In the fall of 2020, a group of University of Nebraska–Lincoln students took part in a pilot program testing a new way of training learning assistants.
In a cross-disciplinary seminar facilitated by Josh Brummer, an assistant professor of practice in mathematics, the students engaged in a semester-long course aimed at improving their understanding of effective teaching and learning techniques. The goal was to better equip them to serve as learning assistants in their individual fields of study with a cross-disciplinary approach. Due to COVID-19 restrictions, the course was offered both synchronously and asynchronously and run through Canvas.
Learning assistants are undergraduate students, usually in STEM-related majors, who have demonstrated an advanced understanding of a course and serve as peer mentors to other students and help create a more enriching learning environment. Learning assistants typically express an interest in teaching in their field of study.
Beyond tutoring students on the material, learning assistants often help facilitate group discussions in class and strategically bring about more meaningful interactions for students. Learning assistants are particularly effective because they are peers of the students they are working with and thus can better relate to their challenges.
The university’s use of learning assistants is new, but several other institutions have mature programs that have impacted student learning for the better. Brummer’s newly developed training seminar, which saw enrollment of over 50 students representing 15 majors, was novel because of its cross-disciplinary focus. Rather than silo students into groups consisting of just those from their field of study, the seminar brought together groups with a more diverse background of experiences and viewpoints.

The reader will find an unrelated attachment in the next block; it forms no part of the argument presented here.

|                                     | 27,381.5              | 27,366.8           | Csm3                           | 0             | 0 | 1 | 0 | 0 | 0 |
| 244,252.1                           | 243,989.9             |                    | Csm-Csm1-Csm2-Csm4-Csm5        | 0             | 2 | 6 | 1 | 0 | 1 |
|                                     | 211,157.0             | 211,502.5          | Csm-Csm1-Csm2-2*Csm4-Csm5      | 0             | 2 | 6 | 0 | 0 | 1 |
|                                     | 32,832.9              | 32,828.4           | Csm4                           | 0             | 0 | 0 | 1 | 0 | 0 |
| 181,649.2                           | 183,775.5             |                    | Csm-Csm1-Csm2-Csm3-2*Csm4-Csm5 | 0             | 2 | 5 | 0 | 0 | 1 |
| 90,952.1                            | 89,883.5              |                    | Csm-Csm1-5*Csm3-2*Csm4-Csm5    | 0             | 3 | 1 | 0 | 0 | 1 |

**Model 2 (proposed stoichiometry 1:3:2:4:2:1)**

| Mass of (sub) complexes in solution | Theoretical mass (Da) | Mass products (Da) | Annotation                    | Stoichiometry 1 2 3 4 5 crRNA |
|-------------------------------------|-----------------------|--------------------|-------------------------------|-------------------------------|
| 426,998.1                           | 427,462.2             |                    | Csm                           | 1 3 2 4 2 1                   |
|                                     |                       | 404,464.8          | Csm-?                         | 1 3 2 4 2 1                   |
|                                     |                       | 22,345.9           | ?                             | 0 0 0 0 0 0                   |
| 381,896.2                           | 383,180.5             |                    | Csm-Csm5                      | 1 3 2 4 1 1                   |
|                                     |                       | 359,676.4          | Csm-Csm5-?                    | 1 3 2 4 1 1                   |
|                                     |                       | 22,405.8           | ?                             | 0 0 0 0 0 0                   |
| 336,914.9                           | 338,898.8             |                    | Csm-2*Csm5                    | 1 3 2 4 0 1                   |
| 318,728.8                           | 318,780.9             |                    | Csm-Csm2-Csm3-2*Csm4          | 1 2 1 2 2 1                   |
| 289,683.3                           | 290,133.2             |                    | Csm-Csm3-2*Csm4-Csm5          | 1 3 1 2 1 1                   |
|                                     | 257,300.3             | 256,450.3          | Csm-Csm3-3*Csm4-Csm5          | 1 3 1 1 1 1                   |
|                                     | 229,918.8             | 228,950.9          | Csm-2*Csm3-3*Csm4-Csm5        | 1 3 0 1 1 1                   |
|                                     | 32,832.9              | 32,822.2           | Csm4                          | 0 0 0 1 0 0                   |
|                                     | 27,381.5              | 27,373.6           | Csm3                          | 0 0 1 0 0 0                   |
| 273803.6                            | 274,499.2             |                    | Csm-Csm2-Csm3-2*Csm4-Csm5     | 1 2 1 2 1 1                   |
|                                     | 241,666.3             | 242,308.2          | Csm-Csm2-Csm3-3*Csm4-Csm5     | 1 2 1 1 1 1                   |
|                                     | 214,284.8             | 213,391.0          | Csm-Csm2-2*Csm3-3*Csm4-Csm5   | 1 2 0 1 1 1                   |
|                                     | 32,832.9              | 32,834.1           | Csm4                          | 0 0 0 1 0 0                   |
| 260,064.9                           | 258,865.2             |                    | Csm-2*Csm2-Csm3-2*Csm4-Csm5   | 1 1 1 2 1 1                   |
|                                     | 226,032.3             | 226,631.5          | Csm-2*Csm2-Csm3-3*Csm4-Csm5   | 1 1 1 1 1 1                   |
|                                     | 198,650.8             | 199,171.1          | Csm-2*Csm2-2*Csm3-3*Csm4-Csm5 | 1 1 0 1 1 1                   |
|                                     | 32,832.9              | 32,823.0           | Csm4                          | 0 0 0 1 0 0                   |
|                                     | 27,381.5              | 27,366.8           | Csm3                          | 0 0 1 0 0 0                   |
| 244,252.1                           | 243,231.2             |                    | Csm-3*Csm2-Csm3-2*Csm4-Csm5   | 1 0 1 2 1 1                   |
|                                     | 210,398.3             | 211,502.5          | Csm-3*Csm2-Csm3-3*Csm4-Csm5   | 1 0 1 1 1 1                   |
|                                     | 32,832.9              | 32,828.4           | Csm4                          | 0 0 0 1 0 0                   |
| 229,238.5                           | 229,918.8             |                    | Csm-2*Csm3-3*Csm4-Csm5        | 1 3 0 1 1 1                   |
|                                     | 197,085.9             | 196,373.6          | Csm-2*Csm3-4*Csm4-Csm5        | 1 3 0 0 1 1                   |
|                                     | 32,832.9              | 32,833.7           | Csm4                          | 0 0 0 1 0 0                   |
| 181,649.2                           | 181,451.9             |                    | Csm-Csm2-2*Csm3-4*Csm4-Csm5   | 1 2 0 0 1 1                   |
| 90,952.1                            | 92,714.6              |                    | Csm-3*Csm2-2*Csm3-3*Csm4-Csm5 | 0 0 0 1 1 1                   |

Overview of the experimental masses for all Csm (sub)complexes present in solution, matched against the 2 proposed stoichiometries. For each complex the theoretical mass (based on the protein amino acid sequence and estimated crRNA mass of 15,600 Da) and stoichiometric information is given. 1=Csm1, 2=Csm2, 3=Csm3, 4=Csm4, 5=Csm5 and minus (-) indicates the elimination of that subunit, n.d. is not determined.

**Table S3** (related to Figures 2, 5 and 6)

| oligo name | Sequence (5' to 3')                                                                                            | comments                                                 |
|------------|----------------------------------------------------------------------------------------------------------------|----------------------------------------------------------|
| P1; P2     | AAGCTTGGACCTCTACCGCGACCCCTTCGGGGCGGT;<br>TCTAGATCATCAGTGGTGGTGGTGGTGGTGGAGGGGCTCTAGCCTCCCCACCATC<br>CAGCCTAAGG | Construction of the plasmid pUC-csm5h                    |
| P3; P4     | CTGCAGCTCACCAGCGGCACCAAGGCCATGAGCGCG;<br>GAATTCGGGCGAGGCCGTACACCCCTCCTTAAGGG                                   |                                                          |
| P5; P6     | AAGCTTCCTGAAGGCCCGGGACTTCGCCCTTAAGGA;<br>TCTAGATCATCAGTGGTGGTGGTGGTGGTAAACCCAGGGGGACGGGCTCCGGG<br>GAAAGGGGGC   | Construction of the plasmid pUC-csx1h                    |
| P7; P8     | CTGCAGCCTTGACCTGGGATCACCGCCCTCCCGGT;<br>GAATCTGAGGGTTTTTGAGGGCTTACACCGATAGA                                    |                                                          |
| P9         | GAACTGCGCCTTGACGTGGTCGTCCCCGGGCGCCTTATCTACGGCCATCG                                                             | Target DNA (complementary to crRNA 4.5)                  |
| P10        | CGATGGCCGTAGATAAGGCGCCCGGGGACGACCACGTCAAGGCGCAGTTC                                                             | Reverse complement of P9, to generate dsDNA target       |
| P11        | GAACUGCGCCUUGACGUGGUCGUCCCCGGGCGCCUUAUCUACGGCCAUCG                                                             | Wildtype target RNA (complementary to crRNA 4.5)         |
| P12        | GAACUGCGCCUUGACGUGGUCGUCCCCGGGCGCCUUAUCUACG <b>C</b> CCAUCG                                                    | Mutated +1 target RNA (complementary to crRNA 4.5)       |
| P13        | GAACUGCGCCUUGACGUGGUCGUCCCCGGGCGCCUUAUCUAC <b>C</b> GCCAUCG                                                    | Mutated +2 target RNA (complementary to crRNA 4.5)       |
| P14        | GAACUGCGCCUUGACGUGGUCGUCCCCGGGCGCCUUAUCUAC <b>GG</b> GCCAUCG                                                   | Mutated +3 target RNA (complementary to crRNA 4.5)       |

“We thought this was a really unique opportunity to bring together people from different disciplines and focus on effective instruction practices and strategies that are non discipline-specific,” Brummer said.
Exposing the learning assistants to a wider variety of experiences also helps prepare them for working with students who may come from different walks of life than they’ve previously encountered. Another advantage to cross-disciplinary training such as this, is that participants not only feel an appreciation for themselves, but for the perspectives of their peers.
“I think that support community, that community of people who really are participating fully and seeing how their contributions are valued and seeing how the contributions of others that are similar or dis-similar from them are valued, is really important,” Brummer said.
One unforeseen bonus of creating this seminar is the relationships it created. Brummer said several of the cross-disciplinary groups displayed a surprising level of camaraderie. For some, the class brought about an expansion of their social circles.
This seminar was made possible by a grant through the Center for Transformative Teaching. Applications for the next round of Center for Transformative Teaching Teaching Grants are due April 30. To learn about the grants, or apply, please visit the Center for Transformative Teaching website.